Minimizing the cost of funding the federal debt is a leading objective of Treasury debt managementliquidity is an
important determinant of borrowing costsLonger-maturity debt is inherently less liquid than short-term debt Thus
they are careful to link the lower cost of short-term financing with a non-risk-related attribute, in this case its greater
liquidity. This can be seen as quite close to our emphasis on monetary services. Assistant Treasury Secretary Lee Sachs
highlights similar themes in his 1999 address to Congress.

Suppose for example that money demand comes entirely from foreign investors, and that the planner
is parochial in the sense of not caring about the utility of these foreign investors. We show that the
government may still want to issue short-term securities to satisfy the foreign money demand,
motivated in this case by a desire to minimize its interest costs, and hence the taxes that its own
citizens must pay.
After fleshing out the simple tradeoff model, we go on to examine the case where the
government is not the only entity that can create riskless money-like claims, but instead competes
with the private sector in doing so. Following Gorton and Metrick (2009), Gorton (2010), and Stein
(2010), we argue that financial intermediaries engage in private money creation, thereby capturing
the same monetary convenience premium, when they issue certain forms of collateralized short-term
debte.g., overnight repo, or asset-backed commercial paper.

As Stein (2010) observes, the

incentives for such private money creation can be excessive from a social point of view, as
individual intermediaries do not fully take into account the social costs of the fire sales that can arise
from a heavy reliance on short-term financing.
In the presence of these fire-sale externalities, there is an additional motivation for the
government to shift its own issuance towards short-term bills.

By doing so, it reduces the

equilibrium money premium, thereby partially crowding out the private sectors socially excessive
issuance of short-term claims. This is desirable as long as the marginal social costs associated with
government money creationwhich take the form of greater intertemporal volatility in taxes
remain lower than the marginal social costs associated with private money creation, which stem
from fire sales. In other words, the government should keep issuing short-term bills as long as it has
a comparative advantage over the private sector in the production of riskless money-like securities.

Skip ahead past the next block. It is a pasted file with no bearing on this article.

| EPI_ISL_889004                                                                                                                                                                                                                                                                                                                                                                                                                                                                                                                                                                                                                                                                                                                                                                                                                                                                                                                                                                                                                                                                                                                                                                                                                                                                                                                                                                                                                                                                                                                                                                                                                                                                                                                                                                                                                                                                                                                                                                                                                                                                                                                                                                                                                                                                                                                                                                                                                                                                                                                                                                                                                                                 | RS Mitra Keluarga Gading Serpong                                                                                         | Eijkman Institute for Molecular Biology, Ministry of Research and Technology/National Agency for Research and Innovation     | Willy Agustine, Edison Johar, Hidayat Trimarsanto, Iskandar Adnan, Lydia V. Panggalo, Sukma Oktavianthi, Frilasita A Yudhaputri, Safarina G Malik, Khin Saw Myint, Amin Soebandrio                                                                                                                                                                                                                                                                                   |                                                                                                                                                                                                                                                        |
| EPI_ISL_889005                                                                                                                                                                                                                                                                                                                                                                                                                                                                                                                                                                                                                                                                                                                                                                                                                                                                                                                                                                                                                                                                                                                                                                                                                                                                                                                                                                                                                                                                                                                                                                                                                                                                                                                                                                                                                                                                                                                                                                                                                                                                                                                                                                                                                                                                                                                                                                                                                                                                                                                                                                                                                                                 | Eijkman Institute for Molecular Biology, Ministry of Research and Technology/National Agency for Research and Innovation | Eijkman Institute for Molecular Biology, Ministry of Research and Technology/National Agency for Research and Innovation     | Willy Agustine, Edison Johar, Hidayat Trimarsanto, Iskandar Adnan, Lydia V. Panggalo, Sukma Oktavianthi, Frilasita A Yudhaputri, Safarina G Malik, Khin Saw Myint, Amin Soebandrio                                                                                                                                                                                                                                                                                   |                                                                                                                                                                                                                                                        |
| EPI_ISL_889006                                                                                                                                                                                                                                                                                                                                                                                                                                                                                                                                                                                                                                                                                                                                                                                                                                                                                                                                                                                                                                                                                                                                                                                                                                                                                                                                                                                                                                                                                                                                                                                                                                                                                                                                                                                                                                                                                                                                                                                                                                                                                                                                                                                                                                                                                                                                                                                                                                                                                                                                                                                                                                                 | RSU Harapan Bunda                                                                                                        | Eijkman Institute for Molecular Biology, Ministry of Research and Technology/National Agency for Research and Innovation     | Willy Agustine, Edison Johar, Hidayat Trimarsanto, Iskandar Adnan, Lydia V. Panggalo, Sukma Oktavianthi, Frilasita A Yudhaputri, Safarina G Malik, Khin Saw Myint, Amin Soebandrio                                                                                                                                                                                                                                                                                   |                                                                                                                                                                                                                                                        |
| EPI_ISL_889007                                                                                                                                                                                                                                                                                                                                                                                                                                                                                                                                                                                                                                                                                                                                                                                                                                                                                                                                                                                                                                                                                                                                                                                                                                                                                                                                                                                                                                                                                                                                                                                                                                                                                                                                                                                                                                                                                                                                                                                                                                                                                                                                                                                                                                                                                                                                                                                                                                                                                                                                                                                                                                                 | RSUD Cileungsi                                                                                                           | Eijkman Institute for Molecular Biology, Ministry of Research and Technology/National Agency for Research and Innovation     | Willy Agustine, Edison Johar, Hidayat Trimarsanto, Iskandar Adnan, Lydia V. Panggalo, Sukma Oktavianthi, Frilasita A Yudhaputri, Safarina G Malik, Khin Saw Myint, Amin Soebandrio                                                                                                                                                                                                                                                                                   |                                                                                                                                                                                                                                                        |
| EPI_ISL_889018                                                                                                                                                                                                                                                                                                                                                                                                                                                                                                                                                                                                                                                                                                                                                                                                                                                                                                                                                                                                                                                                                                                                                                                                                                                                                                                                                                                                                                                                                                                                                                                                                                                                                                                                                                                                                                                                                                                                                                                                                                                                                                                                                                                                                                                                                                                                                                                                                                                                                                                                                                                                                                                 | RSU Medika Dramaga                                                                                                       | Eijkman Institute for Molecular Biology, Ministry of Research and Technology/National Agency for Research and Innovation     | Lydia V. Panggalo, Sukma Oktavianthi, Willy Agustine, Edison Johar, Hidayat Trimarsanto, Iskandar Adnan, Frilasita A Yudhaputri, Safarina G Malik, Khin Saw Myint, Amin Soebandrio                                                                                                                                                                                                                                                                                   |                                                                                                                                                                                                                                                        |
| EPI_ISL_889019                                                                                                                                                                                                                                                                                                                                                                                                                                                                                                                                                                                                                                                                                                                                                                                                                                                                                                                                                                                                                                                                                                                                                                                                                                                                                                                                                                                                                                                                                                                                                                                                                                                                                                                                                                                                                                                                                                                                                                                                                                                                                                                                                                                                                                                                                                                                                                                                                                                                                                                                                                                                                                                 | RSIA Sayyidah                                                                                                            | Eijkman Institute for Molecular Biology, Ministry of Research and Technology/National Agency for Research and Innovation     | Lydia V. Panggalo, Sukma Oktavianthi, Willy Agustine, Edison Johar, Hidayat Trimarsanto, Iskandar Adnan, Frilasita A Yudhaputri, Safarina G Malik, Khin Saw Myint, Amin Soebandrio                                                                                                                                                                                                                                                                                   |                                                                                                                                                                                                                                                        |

This line of reasoning adds what is effectively a regulatory dimension to the governments
debt-maturity choice. An alternative way to address the fire-sales externalities associated with
private money creation would be to try to control the volume of such money creation directly, e.g.,
with a either a regulatory limit or a Pigouvian tax on short-term debt use by financial intermediaries.
However, to the extent that such caps and taxes are not perfectly enforceablesay because some of
the money creation can migrate to the unregulated shadow banking sectorthere will also be a
complementary role for a policy that reduces the incentive for private intermediaries to engage in
money creation in the first place, by lowering the convenience premium that money commands. Our
point is that this can be done by shortening the maturity of government debt.
To be clear, we intend for this comparative-advantage argument to be taken in a normative,
rather than positive spirit. That is, unlike with the simple government-only model, we dont mean to
suggest that the comparative-advantage aspect of the theory provides further testable predictions
regarding how government debt maturity is actually chosen in the real world. Rather, we offer it as a
framework for thinking about policy going forwardalbeit one grounded in an empirically-relevant
set of premises. In this sense, it is like much other recent work on financial regulatory reform.
The ideas here build on four strands of research. First there is the prior theoretical work on
government debt maturity, especially that which has examined a tax-smoothing motive for long-term
finance (Barro (1979), Lucas and Stokey (1983), Bohn (1990), and Angeletos (2002))5. Second,
there is a literature that documents significant deviations from the predictions of standard assetpricing modelspatterns which can be thought of as reflecting money-like convenience services
in the pricing of Treasury securities generally, and in the pricing of short-term T-bills more

See also Calvo and Guidotti (1990), Barro (2002), Benigno and Woodford (2003), and Lustig, Sleet, and Yeltekin
(2006). More closely related to our work is Guibaud, Nosbusch, and Vayanos (2007), who propose a clientele-based
theory of the optimal maturity structure of government debt. However, in their model, government maturity policy is
motivated by imperfect intergenerational risk sharing.

specifically (Krishnamurthy and Vissing-Jorgensen (2010), Greenwood and Vayanos (2010), Duffee
(1996), Gurkaynak, Sack and Wright (2006)). Third, there is the set of recent papers alluded to
above, which emphasize how private intermediaries try to capture the money premium by relying
heavily on short-term debt, even when this creates systemic instabilities (Gorton and Metrick (2009),
Gorton (2010), and Stein (2010)). And finally, there is evidence that changes in government debt
maturity influence private-sector debt-maturity choices, consistent with a crowding-out view: when